People work in different ways, all of these tips may prove completely useless to you, but I hope it has dispelled just a couple of those first essay fears!

How to survive your dissertation!

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Most of us eventually have to face it once we reach our final year of study – “The Dissertation”! The final year project is more than the multiplicity of your usual essays; it requires creativity and critical thinking. Let me tell you about my journey of writing an undergraduate dissertation!

Finding a Topic

Deciding on the topic of your dissertation might be the most important step of the whole process since it sets the overall framework of your research. Some departments will provided you with a list of topics to choose from, while others such as the Sociology Department will expect you to think about your own topic.

The first aspect you should think about is picking a topic you’re genuinely interested in, since your dissertation will accompany you throughout your final year.

As a starting point I reviewed the course material we covered in the previous years and browsed journals relevant to my subject, noting down any keywords which caught my attention.

Check if your department archived samples of previous dissertations submitted, those not only allow you to see what kind of topics have been researched by former students, but also help you to get an idea about the general structure of a dissertation in your subject. For instance the Student Resource Centre stores dissertations ranging from undergraduate to doctoral level within the field of sociology and criminology.

I considered what field I am interested to work in my future career and selected my topic accordingly. Writing a 10,000 word dissertation about a topic relevant to your future job, demonstrates interest and determination which might be an advantage for your application.

Deciding on a broad area of research will make it much easier to narrow down potential topics, aim to do it by the end of your second year – however you’re usually still able to change your topic after the summer vacations, so no worries!

Start planning

Your research question might change, your motivation is likely to fluctuate, thus your supervisor should provide a constant you can always refer to. Meet up with your supervisor at the beginning of your final year and discuss your ideas with them. Even if they are not experts in your particular topic, they are still able to provide you with helpful feedback and point out how to find relevant resources.

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Keep reading and reading materials relevant to your topic! Make notes and don’t forget to keep track of your references; I started a table on Excel where I initially added the reference and some key words, and later on evolved it to a comprehensive overview of the literature, including used methodology, comparisons to other literature and evaluation of the strengths and weaknesses of each source.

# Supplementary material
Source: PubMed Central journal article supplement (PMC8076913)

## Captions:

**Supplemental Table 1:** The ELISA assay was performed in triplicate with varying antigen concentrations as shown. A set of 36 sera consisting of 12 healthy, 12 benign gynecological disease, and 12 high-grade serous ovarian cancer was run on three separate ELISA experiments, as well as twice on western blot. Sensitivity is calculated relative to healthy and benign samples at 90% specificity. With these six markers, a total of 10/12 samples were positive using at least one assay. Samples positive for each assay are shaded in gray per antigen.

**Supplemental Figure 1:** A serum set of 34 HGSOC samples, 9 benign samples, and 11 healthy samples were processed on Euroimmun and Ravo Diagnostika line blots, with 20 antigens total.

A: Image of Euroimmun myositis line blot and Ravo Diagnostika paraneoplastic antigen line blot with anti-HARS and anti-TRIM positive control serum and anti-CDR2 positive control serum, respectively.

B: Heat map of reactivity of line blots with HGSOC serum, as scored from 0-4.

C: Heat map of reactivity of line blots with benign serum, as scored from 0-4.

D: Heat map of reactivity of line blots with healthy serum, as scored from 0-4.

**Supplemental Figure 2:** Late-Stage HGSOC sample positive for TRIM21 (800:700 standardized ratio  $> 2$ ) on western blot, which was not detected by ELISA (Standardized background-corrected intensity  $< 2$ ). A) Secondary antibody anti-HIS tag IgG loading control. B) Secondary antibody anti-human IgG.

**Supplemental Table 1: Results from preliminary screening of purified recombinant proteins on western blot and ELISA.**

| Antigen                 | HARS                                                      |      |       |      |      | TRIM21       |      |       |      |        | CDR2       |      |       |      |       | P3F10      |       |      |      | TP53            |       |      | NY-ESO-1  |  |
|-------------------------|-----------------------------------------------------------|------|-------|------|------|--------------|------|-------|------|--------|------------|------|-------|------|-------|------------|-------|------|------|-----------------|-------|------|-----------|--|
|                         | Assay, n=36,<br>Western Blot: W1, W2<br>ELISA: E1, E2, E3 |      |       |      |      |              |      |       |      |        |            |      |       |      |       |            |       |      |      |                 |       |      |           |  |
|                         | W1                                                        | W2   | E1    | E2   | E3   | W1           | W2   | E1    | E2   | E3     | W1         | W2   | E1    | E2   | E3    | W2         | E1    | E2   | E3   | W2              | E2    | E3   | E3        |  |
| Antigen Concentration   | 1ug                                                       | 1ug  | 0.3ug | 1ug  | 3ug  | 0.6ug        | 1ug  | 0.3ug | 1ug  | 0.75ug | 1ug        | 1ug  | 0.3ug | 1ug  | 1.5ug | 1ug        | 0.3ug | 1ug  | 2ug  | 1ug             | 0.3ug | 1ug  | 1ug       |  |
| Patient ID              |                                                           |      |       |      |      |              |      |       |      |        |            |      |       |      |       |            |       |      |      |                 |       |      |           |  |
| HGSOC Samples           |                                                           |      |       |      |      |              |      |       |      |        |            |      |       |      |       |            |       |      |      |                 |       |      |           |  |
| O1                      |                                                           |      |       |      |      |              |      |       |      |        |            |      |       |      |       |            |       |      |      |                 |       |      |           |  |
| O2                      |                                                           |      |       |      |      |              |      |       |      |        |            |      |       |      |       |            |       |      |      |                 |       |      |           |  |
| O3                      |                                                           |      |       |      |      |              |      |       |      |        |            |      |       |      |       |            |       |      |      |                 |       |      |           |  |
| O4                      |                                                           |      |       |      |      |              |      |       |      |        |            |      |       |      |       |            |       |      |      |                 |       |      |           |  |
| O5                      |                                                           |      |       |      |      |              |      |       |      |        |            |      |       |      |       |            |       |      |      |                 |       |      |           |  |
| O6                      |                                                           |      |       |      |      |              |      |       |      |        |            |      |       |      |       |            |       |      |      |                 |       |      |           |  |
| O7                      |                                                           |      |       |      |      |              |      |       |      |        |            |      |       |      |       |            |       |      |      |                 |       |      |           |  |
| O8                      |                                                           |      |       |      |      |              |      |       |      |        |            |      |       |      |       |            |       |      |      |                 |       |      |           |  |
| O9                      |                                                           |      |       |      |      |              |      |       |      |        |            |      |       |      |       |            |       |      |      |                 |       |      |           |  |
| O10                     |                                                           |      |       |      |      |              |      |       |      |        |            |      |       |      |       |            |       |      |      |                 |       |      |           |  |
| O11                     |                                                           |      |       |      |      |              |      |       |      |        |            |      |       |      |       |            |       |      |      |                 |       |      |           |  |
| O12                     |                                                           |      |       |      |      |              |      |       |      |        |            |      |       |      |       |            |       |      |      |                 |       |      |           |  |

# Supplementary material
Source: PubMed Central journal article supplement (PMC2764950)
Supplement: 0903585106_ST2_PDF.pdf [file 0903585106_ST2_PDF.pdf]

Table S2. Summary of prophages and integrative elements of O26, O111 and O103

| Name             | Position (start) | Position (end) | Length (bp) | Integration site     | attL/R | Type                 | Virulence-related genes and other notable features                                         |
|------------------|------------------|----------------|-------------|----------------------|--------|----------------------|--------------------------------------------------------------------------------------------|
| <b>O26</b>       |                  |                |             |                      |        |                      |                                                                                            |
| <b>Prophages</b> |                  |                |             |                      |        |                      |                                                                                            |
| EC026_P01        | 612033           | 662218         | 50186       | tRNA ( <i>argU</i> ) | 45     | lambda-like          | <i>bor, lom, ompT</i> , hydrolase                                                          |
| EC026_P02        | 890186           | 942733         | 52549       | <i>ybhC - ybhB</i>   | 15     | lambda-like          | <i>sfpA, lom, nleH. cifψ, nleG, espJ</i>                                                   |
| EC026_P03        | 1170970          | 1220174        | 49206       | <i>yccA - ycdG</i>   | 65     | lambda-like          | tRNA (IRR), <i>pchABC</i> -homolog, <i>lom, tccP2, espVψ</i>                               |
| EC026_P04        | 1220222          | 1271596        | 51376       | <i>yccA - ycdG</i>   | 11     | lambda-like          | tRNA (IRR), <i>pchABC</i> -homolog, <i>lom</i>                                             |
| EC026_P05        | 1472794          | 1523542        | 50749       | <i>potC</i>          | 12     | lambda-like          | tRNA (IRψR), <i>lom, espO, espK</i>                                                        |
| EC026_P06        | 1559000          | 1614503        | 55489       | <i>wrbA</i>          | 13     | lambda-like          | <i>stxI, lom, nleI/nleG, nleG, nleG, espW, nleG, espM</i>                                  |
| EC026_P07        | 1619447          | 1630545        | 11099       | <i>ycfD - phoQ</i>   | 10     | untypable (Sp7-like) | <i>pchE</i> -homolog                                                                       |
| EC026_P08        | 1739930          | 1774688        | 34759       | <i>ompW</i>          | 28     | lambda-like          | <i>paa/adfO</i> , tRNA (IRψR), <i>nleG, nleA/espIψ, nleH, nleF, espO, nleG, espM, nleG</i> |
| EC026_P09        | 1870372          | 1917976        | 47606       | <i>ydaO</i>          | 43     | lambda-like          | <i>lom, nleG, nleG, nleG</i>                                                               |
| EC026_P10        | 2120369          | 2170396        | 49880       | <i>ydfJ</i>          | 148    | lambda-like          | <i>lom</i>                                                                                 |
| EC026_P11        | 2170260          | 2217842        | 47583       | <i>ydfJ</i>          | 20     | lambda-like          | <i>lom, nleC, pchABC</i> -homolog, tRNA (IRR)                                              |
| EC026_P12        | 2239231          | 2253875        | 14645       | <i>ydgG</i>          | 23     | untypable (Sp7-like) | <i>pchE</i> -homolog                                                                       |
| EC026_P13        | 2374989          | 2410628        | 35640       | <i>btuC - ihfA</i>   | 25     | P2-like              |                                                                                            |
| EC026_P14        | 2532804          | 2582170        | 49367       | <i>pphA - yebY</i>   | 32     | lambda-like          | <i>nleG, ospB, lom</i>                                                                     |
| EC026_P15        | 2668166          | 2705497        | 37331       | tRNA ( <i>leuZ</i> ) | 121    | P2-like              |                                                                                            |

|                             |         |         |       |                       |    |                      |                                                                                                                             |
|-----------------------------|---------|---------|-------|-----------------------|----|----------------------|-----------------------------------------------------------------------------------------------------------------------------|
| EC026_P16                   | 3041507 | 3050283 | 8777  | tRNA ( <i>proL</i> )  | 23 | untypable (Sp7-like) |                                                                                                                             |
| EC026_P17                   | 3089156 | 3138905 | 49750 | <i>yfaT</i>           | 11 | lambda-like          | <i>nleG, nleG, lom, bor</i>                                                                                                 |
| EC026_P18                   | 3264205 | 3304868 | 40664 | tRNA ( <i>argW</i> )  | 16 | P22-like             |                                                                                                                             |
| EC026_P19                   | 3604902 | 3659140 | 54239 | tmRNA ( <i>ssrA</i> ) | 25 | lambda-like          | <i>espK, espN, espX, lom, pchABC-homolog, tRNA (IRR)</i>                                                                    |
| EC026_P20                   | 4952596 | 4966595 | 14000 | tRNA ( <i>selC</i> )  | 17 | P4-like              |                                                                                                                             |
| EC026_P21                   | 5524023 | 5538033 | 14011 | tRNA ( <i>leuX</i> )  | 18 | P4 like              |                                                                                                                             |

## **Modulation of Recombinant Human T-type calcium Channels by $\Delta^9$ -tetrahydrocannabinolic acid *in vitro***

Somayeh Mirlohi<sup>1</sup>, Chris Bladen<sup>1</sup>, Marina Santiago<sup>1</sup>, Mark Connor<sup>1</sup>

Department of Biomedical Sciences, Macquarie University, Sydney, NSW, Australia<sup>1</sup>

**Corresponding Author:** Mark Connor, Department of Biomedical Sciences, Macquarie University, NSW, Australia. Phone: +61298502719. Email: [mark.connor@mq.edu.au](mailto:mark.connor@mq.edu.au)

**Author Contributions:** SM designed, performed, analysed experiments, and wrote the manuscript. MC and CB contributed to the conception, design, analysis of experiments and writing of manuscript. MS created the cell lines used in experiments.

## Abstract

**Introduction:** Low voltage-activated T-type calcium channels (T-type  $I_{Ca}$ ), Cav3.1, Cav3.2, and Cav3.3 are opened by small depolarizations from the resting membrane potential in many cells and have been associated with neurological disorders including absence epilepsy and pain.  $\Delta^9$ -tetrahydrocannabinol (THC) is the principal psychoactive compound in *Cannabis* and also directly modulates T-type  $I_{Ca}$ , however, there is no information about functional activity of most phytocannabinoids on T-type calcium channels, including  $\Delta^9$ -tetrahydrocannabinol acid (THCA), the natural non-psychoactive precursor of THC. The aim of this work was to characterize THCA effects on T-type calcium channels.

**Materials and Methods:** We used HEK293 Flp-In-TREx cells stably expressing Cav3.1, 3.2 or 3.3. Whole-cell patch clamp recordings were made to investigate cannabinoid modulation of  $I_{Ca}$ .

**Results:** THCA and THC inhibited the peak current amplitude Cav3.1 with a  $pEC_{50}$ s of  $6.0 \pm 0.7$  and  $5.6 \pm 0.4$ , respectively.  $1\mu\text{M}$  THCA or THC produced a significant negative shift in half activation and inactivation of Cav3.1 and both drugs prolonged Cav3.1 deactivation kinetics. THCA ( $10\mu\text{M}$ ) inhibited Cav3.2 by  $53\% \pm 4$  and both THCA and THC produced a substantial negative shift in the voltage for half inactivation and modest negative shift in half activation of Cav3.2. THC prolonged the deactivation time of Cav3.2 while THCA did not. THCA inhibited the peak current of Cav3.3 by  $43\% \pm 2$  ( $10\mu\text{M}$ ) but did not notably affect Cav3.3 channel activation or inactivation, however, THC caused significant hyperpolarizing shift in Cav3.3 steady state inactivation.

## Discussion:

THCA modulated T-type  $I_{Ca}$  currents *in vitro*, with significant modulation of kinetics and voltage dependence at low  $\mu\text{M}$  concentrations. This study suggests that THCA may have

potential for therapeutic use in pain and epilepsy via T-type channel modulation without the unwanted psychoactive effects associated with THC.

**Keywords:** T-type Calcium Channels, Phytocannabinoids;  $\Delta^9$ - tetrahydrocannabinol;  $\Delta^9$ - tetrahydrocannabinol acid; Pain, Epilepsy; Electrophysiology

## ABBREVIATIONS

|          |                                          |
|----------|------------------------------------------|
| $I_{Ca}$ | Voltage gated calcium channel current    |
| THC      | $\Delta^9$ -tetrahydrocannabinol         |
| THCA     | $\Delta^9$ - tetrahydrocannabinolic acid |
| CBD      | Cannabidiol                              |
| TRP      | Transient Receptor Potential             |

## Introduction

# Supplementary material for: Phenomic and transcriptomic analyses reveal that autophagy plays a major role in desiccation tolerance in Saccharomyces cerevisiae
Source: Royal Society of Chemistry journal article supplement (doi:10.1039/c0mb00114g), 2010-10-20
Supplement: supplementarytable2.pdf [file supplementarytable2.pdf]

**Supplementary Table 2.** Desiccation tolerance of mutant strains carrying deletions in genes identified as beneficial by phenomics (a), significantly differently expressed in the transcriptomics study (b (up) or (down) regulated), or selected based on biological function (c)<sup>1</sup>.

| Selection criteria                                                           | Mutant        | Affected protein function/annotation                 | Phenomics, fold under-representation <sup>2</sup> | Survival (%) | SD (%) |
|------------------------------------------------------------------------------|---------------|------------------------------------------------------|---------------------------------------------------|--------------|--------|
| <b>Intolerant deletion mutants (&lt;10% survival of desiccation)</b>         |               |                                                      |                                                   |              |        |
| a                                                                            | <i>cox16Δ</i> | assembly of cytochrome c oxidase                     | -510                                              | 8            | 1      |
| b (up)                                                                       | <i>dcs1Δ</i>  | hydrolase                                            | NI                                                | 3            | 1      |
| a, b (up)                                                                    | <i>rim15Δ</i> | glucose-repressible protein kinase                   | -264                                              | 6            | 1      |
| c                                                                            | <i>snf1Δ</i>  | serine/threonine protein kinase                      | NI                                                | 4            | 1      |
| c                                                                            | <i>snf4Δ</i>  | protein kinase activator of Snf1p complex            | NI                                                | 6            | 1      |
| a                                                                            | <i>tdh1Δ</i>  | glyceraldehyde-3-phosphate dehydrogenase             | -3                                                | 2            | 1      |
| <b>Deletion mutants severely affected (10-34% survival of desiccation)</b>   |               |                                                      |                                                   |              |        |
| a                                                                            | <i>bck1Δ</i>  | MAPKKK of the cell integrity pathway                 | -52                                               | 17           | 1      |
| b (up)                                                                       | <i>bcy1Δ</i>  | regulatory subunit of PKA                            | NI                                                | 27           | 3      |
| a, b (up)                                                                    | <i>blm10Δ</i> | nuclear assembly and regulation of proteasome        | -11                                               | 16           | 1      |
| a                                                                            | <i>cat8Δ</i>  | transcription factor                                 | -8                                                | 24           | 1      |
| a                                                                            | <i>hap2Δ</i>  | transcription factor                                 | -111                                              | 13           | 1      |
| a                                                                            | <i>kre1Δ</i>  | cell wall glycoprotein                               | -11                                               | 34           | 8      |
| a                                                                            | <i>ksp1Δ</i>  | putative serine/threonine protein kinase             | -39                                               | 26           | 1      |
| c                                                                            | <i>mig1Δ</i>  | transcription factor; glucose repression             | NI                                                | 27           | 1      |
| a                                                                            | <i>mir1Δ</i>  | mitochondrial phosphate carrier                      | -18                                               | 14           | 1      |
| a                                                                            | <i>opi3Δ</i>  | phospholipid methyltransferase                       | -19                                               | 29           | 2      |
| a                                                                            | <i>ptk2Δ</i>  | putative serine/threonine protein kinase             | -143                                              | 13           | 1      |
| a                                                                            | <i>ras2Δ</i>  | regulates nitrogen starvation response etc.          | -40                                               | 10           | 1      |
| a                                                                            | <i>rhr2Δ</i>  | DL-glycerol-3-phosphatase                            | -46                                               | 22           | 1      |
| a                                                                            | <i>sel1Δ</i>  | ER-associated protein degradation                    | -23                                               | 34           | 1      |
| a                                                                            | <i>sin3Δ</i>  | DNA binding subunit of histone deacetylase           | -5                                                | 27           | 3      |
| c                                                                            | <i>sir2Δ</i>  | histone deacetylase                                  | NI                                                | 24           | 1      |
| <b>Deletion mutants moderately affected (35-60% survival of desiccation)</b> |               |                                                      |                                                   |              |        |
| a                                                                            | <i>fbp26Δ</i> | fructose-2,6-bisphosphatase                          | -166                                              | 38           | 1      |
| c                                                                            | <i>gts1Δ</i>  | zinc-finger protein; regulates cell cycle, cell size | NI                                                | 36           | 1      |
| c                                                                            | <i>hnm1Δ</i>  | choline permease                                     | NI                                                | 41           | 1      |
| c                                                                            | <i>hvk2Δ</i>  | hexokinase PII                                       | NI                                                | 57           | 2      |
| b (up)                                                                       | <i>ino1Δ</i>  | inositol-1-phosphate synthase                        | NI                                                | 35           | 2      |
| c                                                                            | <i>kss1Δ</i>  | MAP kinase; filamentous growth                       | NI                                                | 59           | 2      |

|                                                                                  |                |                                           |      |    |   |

Most of us are guilty of procrastinating and finishing some coursework last minute – however be aware of the scope of your dissertation! Many departments require about 10,000 words and weight your dissertation as a full year module, making it impossible to complete it within only a few days but it is necessary to begin well in advance and work on it continuously. Bear in mind that if you carry out empirical research, the process might be less predictable and you should plan some extra time in case anything unexpected happens. Write an outline for your research, setting out what you need to do and set yourself personal deadlines.

Don’t think of your dissertation as one large bulk of work, but plan each chapter individually, roughly outline the key points for each chapter and how many words you approximately plan to write for each section, which will help you enormously to avoid excessive word cutting later on when you need to ensure your work stays within the set word limit.

The writing process

Find your own working style and don’t compare yourself with others, some might have finished the vast majority of their research by Christmas, while you have been working on other assignments, as long as you made a realistic schedule and stay determined you will be fine.

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Create an environment where you can thrive, some of us can only focus in a quiet corner in the library; others get inspired when sitting with their laptop in one of the cafes on campus. Whenever I felt stuck with a paragraph I would leave my work place for some time, and get a coffee from the Starbucks on campus, or take a stroll around the lake to collect my thoughts.

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Always make sure you get sufficient sleep! When being drowsy I felt that my productivity suffered, especially when trying to demonstrate creativity within my arguments. If you are more of a night owl, like me, being more efficient in the late evening, be aware of other commitments such as classes you have for the next day. Doing an all-nighter on a regular basis might disturb your biological clock, so it is best to avoid those nights until the final period if necessary.